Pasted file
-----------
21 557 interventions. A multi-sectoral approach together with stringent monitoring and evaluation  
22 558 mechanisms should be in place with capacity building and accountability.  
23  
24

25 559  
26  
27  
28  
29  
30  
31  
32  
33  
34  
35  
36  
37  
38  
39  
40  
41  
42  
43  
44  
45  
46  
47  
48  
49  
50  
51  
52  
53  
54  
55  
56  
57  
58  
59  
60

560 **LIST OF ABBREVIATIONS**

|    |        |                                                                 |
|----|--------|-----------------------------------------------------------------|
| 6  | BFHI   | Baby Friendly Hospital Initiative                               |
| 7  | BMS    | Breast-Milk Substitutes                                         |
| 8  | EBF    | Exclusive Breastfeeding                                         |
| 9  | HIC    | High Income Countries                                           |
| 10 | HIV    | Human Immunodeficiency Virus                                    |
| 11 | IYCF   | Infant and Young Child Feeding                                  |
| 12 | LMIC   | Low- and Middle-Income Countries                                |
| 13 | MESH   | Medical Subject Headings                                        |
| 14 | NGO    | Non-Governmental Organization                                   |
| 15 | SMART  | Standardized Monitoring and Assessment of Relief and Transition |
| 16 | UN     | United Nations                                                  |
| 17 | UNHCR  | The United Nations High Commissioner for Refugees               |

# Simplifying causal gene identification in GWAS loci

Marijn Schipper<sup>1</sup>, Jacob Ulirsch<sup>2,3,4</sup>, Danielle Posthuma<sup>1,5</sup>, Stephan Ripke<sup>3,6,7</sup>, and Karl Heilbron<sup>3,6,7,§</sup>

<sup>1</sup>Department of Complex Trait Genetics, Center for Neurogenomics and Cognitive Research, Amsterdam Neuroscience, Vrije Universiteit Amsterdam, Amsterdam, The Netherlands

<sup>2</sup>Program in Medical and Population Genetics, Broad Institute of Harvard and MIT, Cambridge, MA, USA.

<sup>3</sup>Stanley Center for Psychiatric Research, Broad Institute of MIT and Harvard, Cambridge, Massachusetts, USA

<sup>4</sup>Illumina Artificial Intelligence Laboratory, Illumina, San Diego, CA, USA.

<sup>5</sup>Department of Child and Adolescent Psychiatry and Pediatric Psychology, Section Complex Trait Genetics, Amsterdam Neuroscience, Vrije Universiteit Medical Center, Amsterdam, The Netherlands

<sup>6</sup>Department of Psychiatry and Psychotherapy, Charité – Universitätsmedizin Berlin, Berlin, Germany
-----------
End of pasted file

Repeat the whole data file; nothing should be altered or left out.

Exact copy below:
21 557 interventions. A multi-sectoral approach together with stringent monitoring and evaluation  
22 558 mechanisms should be in place with capacity building and accountability.  
23  
24

25 559  
26  
27  
28  
29  
30  
31  
32  
33  
34  
35  
36  
37  
38  
39  
40  
41  
42  
43  
44  
45  
46  
47  
48  
49  
50  
51  
52  
53  
54  
55  
56  
57  
58  
59  
60

560 **LIST OF ABBREVIATIONS**

|    |        |                                                                 |
|----|--------|-----------------------------------------------------------------|
| 6  | BFHI   | Baby Friendly Hospital Initiative                               |
| 7  | BMS    | Breast-Milk Substitutes                                         |
| 8  | EBF    | Exclusive Breastfeeding                                         |
| 9  | HIC    | High Income Countries                                           |
| 10 | HIV    | Human Immunodeficiency Virus                                    |
| 11 | IYCF   | Infant and Young Child Feeding                                  |
| 12 | LMIC   | Low- and Middle-Income Countries                                |
| 13 | MESH   | Medical Subject Headings                                        |
| 14 | NGO    | Non-Governmental Organization                                   |
| 15 | SMART  | Standardized Monitoring and Assessment of Relief and Transition |
| 16 | UN     | United Nations                                                  |
| 17 | UNHCR  | The United Nations High Commissioner for Refugees               |

# Simplifying causal gene identification in GWAS loci

Marijn Schipper<sup>1</sup>, Jacob Ulirsch<sup>2,3,4</sup>, Danielle Posthuma<sup>1,5</sup>, Stephan Ripke<sup>3,6,7</sup>, and Karl Heilbron<sup>3,6,7,§</sup>

<sup>1</sup>Department of Complex Trait Genetics, Center for Neurogenomics and Cognitive Research, Amsterdam Neuroscience, Vrije Universiteit Amsterdam, Amsterdam, The Netherlands

<sup>2</sup>Program in Medical and Population Genetics, Broad Institute of Harvard and MIT, Cambridge, MA, USA.

<sup>3</sup>Stanley Center for Psychiatric Research, Broad Institute of MIT and Harvard, Cambridge, Massachusetts, USA

<sup>4</sup>Illumina Artificial Intelligence Laboratory, Illumina, San Diego, CA, USA.

<sup>5</sup>Department of Child and Adolescent Psychiatry and Pediatric Psychology, Section Complex Trait Genetics, Amsterdam Neuroscience, Vrije Universiteit Medical Center, Amsterdam, The Netherlands

<sup>6</sup>Department of Psychiatry and Psychotherapy, Charité – Universitätsmedizin Berlin, Berlin, Germany